Monday, 22 March 2010

Gardening with Kids #1

Like young children, gardens are hard work, time-consuming and frequently damp, but (mostly) worth all the effort. Many parents like me feel they don’t have time to smell the roses, let alone grow any. 21st Century families rarely have the time or the space to garden together. Homes with sizeable gardens are out of the question for a good deal of first time buyers. This means families with young children miss out in several ways: they don’t get the freedom of playing outside, close to home and within safe boundaries; they lack first-hand knowledge of how and why things grow; the seasons don’t matter so much; and to the question “Where does food come from?” their answer will usually be “the supermarket".

If you are desperate to get outside and start thinning your peaches or pruning your weigela, but you have children to look after, there needn’t be a conflict of interests. Why not combine the two? Just like coaxing a plant to thrive; start sowing the seeds of interest early, tread gently and read the signs that you are over-doing it! Soon you may have the benefit of a small troop of weeders or waterers following you around the garden, sometimes quite willingly!

Encouragement is key to developing green fingers. Certainly, it can be difficult to motivate children to get outdoors into the fresh air or stop playing on their Wii. Much depends on the child’s age: a toddler will quite happily follow mummy or grandpa out into the garden and enjoy messing about in the dirt, or helping to plant, but older children usually need a bit more encouragement or persuasion. It's important not to insist on perfection or undying enthusiasm; just getting them out of the back door and keeping them outdoors is an achievement!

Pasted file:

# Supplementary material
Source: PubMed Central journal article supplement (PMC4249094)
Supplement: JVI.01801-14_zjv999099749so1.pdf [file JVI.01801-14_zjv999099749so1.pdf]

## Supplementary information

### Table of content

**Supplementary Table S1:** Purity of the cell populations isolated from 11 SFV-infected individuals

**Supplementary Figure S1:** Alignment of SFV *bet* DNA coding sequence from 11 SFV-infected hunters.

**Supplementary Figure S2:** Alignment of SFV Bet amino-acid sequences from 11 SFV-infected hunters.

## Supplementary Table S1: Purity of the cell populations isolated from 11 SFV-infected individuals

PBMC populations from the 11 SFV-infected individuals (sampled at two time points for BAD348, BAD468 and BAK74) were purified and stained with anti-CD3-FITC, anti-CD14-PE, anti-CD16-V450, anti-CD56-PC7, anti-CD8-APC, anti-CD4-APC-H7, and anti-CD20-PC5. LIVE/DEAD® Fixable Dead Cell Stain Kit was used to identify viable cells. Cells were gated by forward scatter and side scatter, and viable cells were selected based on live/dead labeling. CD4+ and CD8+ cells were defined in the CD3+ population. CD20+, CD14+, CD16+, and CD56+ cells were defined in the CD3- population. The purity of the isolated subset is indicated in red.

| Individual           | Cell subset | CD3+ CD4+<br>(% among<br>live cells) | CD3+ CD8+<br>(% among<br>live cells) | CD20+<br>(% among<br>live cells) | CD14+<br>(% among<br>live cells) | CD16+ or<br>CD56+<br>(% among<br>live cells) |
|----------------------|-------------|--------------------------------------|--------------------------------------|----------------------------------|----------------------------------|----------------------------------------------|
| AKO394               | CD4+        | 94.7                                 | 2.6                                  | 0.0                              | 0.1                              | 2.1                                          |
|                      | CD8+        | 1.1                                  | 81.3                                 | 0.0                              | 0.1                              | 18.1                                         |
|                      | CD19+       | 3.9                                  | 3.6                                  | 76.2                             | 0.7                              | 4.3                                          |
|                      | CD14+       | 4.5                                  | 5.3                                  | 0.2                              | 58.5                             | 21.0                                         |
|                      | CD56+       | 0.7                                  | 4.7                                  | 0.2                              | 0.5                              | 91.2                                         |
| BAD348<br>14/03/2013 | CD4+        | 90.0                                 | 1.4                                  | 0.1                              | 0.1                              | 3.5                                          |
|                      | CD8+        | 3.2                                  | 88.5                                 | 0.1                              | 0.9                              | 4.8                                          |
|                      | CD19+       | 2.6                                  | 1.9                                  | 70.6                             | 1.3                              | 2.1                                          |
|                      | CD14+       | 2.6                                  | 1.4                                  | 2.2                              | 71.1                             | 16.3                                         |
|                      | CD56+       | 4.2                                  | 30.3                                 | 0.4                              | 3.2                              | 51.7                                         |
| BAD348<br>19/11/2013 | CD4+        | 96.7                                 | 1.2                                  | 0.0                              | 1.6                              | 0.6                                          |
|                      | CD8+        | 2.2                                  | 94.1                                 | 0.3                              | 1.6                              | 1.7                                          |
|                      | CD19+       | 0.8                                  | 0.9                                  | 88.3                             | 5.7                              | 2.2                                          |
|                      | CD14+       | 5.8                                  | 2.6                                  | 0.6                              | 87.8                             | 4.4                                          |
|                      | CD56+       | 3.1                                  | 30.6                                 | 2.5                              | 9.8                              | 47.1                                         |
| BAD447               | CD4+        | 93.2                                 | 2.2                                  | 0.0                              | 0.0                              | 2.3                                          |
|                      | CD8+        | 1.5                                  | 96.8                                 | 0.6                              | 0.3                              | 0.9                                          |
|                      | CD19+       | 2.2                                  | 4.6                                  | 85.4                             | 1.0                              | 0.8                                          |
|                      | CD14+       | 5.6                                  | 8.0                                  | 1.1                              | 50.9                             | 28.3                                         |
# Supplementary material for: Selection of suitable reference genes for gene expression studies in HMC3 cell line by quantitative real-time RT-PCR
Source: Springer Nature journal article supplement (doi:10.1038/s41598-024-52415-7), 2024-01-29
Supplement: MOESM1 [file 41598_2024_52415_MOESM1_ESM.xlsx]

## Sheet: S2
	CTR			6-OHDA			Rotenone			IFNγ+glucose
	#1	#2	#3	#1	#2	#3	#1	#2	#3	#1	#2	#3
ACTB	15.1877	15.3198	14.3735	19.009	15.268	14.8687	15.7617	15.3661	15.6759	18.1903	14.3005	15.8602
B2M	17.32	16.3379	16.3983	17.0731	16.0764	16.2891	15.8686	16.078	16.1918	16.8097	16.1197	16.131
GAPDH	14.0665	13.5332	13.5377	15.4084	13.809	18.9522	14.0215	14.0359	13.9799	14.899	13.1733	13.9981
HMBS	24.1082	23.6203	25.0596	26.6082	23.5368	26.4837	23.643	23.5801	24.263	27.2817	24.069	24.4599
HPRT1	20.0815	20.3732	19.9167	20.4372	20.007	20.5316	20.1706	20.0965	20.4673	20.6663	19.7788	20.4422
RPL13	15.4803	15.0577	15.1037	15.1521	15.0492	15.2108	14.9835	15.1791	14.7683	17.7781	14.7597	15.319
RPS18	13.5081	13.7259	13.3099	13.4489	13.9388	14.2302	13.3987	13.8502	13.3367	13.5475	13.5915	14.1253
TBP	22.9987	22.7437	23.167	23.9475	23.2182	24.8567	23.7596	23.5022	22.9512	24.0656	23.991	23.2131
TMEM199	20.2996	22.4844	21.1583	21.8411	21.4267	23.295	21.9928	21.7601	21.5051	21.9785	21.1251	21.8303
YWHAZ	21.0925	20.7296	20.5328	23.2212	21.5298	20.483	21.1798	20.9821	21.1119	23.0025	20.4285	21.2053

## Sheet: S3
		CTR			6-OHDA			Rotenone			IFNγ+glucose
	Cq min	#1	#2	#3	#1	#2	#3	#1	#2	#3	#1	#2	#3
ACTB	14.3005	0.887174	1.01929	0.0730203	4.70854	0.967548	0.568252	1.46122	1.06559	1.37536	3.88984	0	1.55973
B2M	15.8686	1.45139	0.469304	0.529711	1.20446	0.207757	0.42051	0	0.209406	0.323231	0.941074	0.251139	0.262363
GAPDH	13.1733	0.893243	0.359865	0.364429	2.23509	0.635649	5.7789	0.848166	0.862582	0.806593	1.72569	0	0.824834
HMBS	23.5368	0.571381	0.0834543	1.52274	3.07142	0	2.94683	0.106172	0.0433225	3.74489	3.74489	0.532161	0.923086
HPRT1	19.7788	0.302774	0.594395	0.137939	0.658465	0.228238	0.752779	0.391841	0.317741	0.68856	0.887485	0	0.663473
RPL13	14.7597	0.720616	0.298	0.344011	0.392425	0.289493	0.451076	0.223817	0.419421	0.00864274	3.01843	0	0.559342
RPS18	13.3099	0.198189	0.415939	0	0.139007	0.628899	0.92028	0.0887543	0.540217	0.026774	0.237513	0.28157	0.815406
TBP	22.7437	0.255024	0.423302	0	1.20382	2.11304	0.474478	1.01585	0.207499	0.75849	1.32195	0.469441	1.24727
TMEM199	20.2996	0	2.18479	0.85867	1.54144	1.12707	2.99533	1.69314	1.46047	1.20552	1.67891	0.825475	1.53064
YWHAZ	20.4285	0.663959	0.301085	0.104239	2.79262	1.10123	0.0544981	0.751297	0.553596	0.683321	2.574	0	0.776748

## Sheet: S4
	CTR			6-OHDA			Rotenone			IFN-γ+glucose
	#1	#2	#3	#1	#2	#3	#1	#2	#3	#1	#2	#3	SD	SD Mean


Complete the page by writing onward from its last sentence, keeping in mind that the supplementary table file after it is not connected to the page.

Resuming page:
Strangers and Pilgrims on Earth
It is a good idea to start with simple projects such as the old favourite of growing cress in eggshells on a window-sill, as this has a high success-rate and a speedy result. Or your child can adopt a houseplant, learning how to tell when it needs watering by feeling the compost, deadheading to keep it looking tidy, being encouraged to look out for insects and disease invaders (a magnifying glass, plus a book with some gory pictures of diseases and pests makes this much more interesting), and learning about the conditions preferred by most houseplants in terms of sunlight and temperature. 

Familiarity with an indoor plant may encourage an interest in what’s growing outside. A hyacinth, crocus or miniature daffodils would be ideal, as these can be planted outside later. Several suppliers have seed ranges aimed at children, but the real inspiration will come from you, the gardener.
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